Theatre / “The Doll’s House”, by Henrik Ibsen, translated by Simon Stephens, directed by Aarne Neeme. At Theatre 3 until March 2. Reviewed by Joe Woodward
HEARING the fresh and uplifting music by local pianist and composer Michael Dooley in the airy, bright and modern North Belconnen Uniting Church in Melba, was a seldom experienced delight.
Beginning with “Fields of Freedom” for solo piano, played by Dooley, the free-flowing tonal, melodic music had an inspiring and joyous feel to it. It modulated several times around a central repeated note in different keys, which made it hang in the ear.
With the next song “No rose so fair” and as with most of Dooley’s works on this album they are built on a song-like structure, the melodic flowing music continued in the form of a love song. It also had Timothy Wickham on violin, Phillipa Thompson, violin, Iska Samson, viola and Alex Voorhoeve on cello who are all players in the Canberra Symphony Orchestra. This piece could easily fit into the movie music category so much so that a listener could almost see the pictures.
In “The Secret Place”, which was for piano and string quartet, had the feel of movie music again. “Because I am your Child” followed and soprano Julie O’Connor added the voice heard in many of Dooley’s pieces. This work was a bit overly sweet, but O’Connor’s voice made the song clear and it had the most dramatic moments in all of Dooley’s music on the day.
Onto the title track on Dooley’s new album “Wings of the Morning”. The melody hits a few bars into the music in the treble keys that was filled by a flowing arpeggio in the bass. It had a lovely transition into a minor key through the falling melody. This was another work that had a strong cantabile quality.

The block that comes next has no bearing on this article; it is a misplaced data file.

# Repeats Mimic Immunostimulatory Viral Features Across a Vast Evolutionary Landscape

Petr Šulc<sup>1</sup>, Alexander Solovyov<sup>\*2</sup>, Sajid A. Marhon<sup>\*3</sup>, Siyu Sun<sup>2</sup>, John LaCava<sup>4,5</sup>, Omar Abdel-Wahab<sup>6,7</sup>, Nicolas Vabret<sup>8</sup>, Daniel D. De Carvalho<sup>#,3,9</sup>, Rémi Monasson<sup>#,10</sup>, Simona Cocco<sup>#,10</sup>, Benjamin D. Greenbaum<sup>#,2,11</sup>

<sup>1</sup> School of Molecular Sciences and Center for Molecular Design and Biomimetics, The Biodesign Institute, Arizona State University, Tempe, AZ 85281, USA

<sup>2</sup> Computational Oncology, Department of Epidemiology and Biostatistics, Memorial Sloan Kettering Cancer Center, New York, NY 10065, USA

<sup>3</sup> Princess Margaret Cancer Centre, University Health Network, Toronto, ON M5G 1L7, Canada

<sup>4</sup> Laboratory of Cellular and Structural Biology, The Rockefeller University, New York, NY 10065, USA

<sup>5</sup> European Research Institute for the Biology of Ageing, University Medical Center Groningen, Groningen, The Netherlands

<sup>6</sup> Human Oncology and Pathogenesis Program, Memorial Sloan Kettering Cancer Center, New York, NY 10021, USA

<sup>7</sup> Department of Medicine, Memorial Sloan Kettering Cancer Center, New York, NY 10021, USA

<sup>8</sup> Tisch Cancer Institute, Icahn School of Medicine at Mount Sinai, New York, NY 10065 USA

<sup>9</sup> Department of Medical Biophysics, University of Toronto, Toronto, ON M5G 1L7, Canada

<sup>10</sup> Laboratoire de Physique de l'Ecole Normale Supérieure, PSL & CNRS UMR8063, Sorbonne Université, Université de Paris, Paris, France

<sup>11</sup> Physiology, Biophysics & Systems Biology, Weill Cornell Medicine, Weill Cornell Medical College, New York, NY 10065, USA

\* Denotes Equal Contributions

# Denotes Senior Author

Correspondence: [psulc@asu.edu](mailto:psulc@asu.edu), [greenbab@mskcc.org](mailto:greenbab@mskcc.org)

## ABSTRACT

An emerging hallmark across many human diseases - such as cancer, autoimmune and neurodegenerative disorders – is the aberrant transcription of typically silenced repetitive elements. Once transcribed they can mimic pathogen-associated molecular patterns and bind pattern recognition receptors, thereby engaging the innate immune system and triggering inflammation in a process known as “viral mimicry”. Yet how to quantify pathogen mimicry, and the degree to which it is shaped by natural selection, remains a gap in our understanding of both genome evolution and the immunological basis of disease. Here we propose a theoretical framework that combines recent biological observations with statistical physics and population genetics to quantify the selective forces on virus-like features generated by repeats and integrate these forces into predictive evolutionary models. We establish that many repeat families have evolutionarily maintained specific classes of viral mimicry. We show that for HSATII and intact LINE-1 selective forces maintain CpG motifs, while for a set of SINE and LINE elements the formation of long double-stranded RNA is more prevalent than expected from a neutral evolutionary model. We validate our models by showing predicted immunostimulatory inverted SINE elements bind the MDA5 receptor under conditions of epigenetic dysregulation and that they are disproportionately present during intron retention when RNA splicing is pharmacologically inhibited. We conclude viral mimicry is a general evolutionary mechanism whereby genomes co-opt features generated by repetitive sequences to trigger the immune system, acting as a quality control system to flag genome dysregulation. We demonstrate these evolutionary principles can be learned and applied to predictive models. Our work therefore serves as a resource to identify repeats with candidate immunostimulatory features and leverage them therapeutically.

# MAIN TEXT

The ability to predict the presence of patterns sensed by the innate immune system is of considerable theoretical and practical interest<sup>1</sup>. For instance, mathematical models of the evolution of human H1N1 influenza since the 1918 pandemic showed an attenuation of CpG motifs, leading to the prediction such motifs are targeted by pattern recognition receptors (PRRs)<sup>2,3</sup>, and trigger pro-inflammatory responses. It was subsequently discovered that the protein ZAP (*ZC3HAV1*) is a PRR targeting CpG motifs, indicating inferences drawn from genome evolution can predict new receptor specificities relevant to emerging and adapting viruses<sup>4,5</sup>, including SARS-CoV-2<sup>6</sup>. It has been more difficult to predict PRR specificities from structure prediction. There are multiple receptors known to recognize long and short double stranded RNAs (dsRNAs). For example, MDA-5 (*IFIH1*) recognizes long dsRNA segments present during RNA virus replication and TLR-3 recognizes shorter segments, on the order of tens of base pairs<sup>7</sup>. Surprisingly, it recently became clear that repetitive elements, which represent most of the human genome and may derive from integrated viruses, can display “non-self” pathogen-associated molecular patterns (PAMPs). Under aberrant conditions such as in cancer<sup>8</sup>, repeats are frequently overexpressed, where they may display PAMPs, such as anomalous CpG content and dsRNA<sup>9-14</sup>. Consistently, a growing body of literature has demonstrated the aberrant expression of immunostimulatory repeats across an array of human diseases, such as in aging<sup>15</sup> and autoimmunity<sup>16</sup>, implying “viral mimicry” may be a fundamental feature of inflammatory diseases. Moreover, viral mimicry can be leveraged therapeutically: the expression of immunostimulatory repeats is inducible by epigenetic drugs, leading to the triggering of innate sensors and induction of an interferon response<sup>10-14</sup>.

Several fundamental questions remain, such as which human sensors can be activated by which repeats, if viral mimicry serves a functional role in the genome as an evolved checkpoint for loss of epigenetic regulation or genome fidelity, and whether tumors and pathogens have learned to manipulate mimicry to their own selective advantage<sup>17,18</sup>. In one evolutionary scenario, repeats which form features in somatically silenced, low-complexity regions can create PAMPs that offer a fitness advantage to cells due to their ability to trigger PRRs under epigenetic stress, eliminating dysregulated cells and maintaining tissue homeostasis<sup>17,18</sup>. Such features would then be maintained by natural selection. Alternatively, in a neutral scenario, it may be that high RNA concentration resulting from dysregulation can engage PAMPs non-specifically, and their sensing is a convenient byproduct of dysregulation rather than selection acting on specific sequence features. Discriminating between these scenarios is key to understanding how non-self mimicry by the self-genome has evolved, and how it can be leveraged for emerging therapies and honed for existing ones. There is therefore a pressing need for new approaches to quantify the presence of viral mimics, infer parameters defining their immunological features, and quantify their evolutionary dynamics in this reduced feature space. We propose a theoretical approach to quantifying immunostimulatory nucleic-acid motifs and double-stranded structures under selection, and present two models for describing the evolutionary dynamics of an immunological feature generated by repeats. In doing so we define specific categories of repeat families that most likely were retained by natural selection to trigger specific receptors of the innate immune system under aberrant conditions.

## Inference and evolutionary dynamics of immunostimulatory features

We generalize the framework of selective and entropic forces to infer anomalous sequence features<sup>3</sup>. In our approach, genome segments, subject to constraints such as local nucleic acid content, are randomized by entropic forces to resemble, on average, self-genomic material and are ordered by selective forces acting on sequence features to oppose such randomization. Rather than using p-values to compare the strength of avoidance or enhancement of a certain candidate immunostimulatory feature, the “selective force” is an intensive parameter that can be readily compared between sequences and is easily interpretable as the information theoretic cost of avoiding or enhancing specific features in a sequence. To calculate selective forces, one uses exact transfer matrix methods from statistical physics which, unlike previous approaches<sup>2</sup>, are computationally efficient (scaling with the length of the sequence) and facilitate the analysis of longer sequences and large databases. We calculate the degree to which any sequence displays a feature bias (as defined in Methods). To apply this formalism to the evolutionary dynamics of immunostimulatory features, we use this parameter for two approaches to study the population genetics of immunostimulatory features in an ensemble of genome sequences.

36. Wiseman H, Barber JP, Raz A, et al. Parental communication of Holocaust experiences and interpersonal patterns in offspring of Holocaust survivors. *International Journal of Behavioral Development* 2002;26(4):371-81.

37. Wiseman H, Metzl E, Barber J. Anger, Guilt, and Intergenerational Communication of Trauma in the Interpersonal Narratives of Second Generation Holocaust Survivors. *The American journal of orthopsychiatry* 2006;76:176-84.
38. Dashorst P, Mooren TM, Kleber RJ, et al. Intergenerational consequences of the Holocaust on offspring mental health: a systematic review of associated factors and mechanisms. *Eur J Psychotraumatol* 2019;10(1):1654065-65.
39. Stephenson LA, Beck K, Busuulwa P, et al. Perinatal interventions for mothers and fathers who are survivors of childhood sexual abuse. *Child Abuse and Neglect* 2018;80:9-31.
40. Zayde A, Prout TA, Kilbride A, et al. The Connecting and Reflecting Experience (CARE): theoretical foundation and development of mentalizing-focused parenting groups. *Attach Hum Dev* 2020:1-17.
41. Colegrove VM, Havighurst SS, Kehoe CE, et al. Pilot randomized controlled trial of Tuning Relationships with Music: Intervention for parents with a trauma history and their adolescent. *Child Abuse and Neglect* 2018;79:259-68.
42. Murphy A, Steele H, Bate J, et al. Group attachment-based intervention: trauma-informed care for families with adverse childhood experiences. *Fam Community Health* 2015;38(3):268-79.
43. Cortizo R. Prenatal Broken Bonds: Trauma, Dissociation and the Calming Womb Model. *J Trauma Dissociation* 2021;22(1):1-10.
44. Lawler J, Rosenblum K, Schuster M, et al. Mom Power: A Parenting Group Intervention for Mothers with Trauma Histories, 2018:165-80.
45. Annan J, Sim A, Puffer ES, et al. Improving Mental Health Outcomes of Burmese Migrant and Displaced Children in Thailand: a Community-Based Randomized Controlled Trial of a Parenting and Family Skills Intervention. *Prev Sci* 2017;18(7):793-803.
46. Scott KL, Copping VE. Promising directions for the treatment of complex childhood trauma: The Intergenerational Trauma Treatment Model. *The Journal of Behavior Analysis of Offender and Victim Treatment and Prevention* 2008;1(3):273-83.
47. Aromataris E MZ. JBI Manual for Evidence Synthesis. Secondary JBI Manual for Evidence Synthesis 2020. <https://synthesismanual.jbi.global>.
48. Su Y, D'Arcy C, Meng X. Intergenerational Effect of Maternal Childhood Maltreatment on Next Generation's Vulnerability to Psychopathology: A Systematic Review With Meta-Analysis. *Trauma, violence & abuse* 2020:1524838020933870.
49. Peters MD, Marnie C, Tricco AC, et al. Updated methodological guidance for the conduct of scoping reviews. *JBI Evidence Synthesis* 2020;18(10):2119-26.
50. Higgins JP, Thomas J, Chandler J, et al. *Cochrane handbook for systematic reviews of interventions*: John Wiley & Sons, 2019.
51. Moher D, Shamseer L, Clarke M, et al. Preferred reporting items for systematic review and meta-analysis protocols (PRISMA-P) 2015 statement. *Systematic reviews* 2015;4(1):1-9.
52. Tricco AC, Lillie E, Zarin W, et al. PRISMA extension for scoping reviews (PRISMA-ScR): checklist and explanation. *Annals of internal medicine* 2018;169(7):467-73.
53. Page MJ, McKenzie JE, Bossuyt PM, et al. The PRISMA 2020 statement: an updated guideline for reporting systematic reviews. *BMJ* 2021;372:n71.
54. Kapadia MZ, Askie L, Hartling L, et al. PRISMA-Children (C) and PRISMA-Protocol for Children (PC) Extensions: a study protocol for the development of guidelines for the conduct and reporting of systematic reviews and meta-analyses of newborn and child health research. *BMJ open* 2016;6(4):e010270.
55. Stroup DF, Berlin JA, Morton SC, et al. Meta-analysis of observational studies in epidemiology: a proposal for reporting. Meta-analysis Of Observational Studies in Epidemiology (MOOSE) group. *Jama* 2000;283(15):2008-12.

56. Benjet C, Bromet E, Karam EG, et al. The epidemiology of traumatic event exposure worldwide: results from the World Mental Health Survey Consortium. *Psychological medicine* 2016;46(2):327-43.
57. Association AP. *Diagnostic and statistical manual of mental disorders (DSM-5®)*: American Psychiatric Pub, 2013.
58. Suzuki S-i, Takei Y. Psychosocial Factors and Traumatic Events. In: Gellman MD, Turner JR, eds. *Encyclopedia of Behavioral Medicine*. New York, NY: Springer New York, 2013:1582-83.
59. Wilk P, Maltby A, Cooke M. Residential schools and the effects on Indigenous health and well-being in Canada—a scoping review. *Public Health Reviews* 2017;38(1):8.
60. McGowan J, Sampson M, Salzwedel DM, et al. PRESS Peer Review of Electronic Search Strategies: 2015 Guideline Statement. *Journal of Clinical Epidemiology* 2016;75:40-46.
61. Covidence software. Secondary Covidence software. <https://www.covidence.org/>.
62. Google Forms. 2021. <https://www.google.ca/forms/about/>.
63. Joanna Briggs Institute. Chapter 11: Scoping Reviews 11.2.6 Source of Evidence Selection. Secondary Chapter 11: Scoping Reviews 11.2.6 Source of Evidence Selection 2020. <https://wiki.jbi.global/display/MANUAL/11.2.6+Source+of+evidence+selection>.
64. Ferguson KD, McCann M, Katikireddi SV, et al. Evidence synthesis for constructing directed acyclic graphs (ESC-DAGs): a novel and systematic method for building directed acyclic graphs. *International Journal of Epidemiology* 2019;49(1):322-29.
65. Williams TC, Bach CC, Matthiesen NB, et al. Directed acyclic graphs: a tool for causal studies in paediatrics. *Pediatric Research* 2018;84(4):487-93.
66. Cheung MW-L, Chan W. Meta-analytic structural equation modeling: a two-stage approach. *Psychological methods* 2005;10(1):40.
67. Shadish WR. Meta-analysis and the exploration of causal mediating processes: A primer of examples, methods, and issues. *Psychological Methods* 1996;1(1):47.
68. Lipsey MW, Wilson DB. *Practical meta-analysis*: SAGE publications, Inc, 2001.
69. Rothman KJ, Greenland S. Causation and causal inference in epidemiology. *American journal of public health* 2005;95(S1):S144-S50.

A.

All of Dooley’s music is well thought out and follows similar patterns. While a bit more diversity and perhaps dissonance would add further depth, the style he aims for seems to be one of serenity and an openly emotional response to the world, which creates refreshing and positive music.
The name Dooley has Irish roots, and he responded to that through his piece “Beulah”. Caroline McNicholas played the flute in this song, along with the string quartet and piano. The folky old world feel in the music captured the image of a venerated Celtic charm.
Before the interval, a piece titled “A Surprise” was played by the string quartet and Dooley asked the audience to guess the composer. No one guessed who wrote this short Mozartian piece, but it turned out to be Dooley’s oldest son William, who is 13.
Eight more pieces followed after the interval, which included dance music, a hymn-like song titled “A Vast Australian Sky” with soprano and other works about people and place, plus a tango as an encore.
Dooley’s music is filled with the idea and sounds of peace, nature and inspiration. His dreamy themes brought out feelings of hope in a concert of allure and clarity.